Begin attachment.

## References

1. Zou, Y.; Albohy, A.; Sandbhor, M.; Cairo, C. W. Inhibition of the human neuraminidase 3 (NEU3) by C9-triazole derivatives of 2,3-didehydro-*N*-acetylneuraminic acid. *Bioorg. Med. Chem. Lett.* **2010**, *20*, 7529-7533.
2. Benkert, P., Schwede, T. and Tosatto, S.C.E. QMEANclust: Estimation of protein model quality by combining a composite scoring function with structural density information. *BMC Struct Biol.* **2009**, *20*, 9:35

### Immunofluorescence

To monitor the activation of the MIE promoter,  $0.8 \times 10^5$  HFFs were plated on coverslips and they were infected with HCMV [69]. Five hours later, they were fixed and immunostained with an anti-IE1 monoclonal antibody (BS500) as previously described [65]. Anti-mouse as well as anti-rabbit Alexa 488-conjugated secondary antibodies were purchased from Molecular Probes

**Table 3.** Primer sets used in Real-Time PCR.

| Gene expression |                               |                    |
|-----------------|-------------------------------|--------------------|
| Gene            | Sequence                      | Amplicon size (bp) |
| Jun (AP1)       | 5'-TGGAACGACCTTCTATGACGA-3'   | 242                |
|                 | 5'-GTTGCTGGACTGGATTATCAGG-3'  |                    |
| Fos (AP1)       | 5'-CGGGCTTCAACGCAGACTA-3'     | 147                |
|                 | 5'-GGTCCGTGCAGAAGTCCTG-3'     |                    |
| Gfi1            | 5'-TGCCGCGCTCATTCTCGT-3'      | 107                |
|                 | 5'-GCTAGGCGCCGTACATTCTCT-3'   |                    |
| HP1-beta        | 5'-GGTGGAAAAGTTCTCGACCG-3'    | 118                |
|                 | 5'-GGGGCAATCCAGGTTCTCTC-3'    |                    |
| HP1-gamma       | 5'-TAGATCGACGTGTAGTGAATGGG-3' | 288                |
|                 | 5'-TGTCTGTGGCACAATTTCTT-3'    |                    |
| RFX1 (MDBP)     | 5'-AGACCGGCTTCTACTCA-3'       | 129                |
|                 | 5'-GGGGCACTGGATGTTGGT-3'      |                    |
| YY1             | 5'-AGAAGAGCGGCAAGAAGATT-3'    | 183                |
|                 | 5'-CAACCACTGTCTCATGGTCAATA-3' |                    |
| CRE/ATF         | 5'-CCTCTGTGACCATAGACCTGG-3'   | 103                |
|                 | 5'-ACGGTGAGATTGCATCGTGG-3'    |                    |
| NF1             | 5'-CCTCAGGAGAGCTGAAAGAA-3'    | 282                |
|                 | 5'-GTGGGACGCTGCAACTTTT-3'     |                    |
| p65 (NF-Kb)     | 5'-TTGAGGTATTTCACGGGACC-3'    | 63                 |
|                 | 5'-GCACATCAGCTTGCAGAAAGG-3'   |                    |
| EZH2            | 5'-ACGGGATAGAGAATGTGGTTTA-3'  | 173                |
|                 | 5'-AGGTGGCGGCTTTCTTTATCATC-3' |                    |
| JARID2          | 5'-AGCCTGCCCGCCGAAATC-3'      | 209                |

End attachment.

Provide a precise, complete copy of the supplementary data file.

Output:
## References

1. Zou, Y.; Albohy, A.; Sandbhor, M.; Cairo, C. W. Inhibition of the human neuraminidase 3 (NEU3) by C9-triazole derivatives of 2,3-didehydro-*N*-acetylneuraminic acid. *Bioorg. Med. Chem. Lett.* **2010**, *20*, 7529-7533.
2. Benkert, P., Schwede, T. and Tosatto, S.C.E. QMEANclust: Estimation of protein model quality by combining a composite scoring function with structural density information. *BMC Struct Biol.* **2009**, *20*, 9:35

### Immunofluorescence

To monitor the activation of the MIE promoter,  $0.8 \times 10^5$  HFFs were plated on coverslips and they were infected with HCMV [69]. Five hours later, they were fixed and immunostained with an anti-IE1 monoclonal antibody (BS500) as previously described [65]. Anti-mouse as well as anti-rabbit Alexa 488-conjugated secondary antibodies were purchased from Molecular Probes

**Table 3.** Primer sets used in Real-Time PCR.

| Gene expression |                               |                    |
|-----------------|-------------------------------|--------------------|
| Gene            | Sequence                      | Amplicon size (bp) |
| Jun (AP1)       | 5'-TGGAACGACCTTCTATGACGA-3'   | 242                |
|                 | 5'-GTTGCTGGACTGGATTATCAGG-3'  |                    |
| Fos (AP1)       | 5'-CGGGCTTCAACGCAGACTA-3'     | 147                |
|                 | 5'-GGTCCGTGCAGAAGTCCTG-3'     |                    |
| Gfi1            | 5'-TGCCGCGCTCATTCTCGT-3'      | 107                |
|                 | 5'-GCTAGGCGCCGTACATTCTCT-3'   |                    |
| HP1-beta        | 5'-GGTGGAAAAGTTCTCGACCG-3'    | 118                |
|                 | 5'-GGGGCAATCCAGGTTCTCTC-3'    |                    |
| HP1-gamma       | 5'-TAGATCGACGTGTAGTGAATGGG-3' | 288                |
|                 | 5'-TGTCTGTGGCACAATTTCTT-3'    |                    |
| RFX1 (MDBP)     | 5'-AGACCGGCTTCTACTCA-3'       | 129                |
|                 | 5'-GGGGCACTGGATGTTGGT-3'      |                    |
| YY1             | 5'-AGAAGAGCGGCAAGAAGATT-3'    | 183                |
|                 | 5'-CAACCACTGTCTCATGGTCAATA-3' |                    |
| CRE/ATF         | 5'-CCTCTGTGACCATAGACCTGG-3'   | 103                |
|                 | 5'-ACGGTGAGATTGCATCGTGG-3'    |                    |
| NF1             | 5'-CCTCAGGAGAGCTGAAAGAA-3'    | 282                |
|                 | 5'-GTGGGACGCTGCAACTTTT-3'     |                    |
| p65 (NF-Kb)     | 5'-TTGAGGTATTTCACGGGACC-3'    | 63                 |
|                 | 5'-GCACATCAGCTTGCAGAAAGG-3'   |                    |
| EZH2            | 5'-ACGGGATAGAGAATGTGGTTTA-3'  | 173                |
|                 | 5'-AGGTGGCGGCTTTCTTTATCATC-3' |                    |
| JARID2          | 5'-AGCCTGCCCGCCGAAATC-3'      | 209                |